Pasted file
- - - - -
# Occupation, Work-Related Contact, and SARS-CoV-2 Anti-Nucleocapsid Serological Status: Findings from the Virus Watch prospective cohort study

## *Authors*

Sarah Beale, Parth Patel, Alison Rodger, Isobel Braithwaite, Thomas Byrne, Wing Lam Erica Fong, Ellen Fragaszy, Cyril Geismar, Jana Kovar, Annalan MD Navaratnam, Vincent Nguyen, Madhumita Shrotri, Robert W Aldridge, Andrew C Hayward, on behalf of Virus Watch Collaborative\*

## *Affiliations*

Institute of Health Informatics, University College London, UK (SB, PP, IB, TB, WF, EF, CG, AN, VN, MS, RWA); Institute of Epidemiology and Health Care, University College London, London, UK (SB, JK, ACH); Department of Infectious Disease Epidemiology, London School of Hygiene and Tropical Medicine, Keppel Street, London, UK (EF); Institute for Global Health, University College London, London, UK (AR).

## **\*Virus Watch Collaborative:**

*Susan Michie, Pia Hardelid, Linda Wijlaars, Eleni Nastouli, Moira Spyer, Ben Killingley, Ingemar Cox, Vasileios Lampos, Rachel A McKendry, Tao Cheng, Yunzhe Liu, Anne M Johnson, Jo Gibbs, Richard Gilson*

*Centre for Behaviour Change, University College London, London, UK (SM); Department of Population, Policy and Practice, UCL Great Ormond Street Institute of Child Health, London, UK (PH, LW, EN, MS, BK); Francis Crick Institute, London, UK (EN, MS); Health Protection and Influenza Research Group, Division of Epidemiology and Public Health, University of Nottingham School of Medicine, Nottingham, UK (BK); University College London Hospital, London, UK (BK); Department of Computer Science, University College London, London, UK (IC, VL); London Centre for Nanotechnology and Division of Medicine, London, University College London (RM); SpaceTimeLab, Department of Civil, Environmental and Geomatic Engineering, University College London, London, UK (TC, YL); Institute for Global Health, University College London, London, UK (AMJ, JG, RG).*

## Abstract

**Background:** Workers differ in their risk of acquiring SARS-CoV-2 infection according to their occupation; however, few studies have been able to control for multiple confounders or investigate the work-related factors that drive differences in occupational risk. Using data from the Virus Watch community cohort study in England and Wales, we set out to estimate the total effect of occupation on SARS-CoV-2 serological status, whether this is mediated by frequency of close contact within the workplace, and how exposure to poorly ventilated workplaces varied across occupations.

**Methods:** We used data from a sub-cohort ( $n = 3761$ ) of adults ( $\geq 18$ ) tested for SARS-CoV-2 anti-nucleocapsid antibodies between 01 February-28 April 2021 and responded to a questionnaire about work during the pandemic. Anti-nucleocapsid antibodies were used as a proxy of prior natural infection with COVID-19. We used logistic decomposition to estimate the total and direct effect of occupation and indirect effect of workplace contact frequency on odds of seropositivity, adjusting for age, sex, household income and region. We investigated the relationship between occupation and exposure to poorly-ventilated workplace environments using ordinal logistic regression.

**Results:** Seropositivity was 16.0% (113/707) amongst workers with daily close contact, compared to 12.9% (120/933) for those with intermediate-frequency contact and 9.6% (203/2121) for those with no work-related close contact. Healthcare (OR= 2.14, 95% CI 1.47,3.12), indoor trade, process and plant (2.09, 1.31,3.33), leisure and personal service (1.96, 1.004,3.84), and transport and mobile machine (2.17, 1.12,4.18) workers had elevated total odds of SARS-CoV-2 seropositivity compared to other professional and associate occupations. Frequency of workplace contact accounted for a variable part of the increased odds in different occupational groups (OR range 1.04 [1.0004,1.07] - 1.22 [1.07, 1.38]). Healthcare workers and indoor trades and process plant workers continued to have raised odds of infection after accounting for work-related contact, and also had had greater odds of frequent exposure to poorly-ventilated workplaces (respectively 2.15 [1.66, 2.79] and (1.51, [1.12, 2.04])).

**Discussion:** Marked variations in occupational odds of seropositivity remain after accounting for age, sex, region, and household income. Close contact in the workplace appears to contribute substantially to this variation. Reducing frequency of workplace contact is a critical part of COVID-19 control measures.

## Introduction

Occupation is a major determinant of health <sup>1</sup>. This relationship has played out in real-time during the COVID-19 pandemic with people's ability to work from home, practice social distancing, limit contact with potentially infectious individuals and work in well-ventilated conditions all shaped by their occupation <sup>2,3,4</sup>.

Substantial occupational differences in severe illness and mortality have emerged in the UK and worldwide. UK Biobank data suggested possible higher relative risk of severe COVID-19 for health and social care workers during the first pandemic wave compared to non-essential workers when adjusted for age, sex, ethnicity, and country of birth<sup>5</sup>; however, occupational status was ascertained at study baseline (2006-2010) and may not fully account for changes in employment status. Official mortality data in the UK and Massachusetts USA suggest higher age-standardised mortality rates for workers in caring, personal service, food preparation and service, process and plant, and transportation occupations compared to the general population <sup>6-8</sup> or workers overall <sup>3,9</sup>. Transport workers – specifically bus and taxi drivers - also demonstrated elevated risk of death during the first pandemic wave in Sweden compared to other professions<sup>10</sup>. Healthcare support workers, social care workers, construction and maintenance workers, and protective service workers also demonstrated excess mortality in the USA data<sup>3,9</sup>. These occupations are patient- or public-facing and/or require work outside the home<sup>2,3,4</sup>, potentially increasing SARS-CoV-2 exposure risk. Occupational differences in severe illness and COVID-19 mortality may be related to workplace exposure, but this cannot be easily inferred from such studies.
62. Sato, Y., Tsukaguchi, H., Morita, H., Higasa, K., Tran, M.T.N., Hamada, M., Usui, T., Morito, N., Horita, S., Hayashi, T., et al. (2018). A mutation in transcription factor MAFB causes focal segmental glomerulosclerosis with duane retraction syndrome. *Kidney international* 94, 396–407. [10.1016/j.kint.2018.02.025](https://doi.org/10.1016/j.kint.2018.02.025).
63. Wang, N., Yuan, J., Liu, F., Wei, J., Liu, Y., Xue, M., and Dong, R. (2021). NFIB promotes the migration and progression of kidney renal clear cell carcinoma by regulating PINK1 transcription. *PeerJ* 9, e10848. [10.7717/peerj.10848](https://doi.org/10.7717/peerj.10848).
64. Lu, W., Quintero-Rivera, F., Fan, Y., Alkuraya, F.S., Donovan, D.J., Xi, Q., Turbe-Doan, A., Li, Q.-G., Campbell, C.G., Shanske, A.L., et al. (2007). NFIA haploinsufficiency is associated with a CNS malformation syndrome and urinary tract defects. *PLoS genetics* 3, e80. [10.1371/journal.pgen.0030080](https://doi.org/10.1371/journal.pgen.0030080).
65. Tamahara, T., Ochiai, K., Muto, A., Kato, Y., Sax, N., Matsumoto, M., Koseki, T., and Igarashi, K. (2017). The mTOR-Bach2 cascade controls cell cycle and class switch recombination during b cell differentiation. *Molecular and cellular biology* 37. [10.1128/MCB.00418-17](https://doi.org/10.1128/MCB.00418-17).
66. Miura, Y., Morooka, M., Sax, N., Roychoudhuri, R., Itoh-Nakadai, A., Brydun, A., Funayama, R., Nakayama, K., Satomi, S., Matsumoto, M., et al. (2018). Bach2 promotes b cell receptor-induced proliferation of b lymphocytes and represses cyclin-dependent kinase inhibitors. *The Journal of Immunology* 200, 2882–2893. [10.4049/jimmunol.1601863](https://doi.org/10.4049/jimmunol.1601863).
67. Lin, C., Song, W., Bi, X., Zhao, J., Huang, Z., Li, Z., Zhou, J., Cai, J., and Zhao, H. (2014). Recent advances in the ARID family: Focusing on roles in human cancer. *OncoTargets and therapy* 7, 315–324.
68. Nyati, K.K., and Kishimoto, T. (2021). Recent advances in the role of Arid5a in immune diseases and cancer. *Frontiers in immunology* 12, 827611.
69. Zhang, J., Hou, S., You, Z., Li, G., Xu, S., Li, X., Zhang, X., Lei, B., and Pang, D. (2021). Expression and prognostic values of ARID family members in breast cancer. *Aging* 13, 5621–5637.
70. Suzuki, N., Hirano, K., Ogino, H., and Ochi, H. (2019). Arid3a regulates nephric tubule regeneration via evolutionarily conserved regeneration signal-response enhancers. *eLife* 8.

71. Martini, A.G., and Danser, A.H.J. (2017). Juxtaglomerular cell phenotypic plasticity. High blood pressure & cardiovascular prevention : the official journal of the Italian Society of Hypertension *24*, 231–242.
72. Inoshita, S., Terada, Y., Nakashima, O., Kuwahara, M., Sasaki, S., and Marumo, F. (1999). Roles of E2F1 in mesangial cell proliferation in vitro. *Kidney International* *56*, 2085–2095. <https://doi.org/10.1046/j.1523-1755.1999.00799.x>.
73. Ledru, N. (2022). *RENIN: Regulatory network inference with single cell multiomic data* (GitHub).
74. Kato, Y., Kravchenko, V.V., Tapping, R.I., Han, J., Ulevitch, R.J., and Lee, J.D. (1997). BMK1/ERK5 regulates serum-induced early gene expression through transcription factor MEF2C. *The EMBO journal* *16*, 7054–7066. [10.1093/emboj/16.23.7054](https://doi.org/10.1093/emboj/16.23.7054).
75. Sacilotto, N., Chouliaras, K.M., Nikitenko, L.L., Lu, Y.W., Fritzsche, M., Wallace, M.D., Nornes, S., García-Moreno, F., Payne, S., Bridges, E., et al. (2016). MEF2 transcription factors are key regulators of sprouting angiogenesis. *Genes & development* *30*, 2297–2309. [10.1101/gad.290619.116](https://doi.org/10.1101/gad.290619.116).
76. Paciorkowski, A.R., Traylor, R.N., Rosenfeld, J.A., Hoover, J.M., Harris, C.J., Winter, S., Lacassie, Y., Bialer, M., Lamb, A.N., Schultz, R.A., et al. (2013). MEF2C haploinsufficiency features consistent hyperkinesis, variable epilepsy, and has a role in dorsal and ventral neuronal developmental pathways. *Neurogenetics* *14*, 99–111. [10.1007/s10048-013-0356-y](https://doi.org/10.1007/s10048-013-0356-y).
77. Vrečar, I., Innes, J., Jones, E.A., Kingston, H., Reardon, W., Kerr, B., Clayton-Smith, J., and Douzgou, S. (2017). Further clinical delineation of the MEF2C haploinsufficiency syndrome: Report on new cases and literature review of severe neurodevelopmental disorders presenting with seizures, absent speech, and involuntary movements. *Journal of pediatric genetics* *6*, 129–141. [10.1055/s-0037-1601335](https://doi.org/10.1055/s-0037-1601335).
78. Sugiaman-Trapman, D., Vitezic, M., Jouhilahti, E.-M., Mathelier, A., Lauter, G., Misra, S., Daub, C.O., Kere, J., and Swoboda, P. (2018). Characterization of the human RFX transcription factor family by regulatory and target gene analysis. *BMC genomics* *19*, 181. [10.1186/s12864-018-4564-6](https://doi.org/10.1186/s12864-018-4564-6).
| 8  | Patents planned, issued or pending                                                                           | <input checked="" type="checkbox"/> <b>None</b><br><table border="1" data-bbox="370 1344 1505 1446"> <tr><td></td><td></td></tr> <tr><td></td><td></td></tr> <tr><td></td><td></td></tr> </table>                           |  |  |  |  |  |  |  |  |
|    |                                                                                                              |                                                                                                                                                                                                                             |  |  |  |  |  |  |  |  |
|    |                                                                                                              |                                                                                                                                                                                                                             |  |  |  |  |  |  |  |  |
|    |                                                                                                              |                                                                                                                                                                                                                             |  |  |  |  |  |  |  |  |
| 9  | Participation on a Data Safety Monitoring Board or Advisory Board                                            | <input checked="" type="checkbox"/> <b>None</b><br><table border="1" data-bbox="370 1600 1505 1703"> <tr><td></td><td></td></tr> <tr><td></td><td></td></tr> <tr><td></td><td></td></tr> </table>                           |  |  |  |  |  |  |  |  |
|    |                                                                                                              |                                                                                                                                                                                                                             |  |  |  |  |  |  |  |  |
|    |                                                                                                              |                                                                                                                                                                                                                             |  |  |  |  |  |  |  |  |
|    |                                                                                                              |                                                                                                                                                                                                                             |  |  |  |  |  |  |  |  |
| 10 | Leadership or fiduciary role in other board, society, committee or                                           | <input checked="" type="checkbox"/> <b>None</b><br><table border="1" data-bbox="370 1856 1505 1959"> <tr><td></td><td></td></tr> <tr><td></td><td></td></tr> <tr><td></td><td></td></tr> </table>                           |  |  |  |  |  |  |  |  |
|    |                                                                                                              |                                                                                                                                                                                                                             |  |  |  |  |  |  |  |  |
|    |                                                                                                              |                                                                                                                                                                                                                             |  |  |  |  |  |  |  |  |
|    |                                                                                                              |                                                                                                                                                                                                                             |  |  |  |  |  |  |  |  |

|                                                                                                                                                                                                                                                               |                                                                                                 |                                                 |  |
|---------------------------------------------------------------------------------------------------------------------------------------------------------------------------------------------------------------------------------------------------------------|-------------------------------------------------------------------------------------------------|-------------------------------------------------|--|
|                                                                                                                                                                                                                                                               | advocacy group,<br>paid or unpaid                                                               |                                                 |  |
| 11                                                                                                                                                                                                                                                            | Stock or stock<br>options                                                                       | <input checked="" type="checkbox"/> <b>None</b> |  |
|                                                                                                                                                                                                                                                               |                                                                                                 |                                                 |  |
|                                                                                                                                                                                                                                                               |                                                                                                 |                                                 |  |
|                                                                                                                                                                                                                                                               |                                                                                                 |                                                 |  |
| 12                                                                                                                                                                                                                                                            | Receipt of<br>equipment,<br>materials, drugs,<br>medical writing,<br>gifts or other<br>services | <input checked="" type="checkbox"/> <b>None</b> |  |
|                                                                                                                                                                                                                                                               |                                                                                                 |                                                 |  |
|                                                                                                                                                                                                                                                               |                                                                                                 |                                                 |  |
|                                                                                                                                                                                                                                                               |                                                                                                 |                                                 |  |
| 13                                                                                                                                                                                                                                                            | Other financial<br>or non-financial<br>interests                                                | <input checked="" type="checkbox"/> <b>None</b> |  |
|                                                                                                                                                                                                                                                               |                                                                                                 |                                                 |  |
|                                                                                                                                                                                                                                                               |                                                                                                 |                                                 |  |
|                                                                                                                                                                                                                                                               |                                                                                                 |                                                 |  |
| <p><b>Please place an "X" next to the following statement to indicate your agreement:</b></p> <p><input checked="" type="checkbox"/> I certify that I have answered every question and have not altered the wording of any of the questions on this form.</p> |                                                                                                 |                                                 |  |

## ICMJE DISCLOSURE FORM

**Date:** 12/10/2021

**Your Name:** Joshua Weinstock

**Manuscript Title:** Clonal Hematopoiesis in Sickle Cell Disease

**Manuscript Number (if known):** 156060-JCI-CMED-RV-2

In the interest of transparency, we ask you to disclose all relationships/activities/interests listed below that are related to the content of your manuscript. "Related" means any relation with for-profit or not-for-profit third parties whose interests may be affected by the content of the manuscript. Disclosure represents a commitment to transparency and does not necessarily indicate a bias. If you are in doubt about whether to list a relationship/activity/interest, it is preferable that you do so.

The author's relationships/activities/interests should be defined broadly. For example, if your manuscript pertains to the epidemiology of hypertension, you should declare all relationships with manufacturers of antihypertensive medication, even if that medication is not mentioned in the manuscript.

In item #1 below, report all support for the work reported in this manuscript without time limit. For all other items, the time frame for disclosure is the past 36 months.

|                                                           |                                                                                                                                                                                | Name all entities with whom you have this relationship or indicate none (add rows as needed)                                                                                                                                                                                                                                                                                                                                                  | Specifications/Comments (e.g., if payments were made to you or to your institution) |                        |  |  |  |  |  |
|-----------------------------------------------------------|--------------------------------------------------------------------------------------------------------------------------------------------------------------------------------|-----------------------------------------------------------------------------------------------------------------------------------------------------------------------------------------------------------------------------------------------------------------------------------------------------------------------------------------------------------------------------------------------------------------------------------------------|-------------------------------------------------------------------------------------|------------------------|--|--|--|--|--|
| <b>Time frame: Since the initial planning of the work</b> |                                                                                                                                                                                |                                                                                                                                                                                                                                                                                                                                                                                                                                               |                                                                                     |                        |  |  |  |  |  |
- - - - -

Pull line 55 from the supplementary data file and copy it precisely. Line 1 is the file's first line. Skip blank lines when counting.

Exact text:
|                                                                                                                                                                                                                                                               |                                                                                                 |                                                 |  |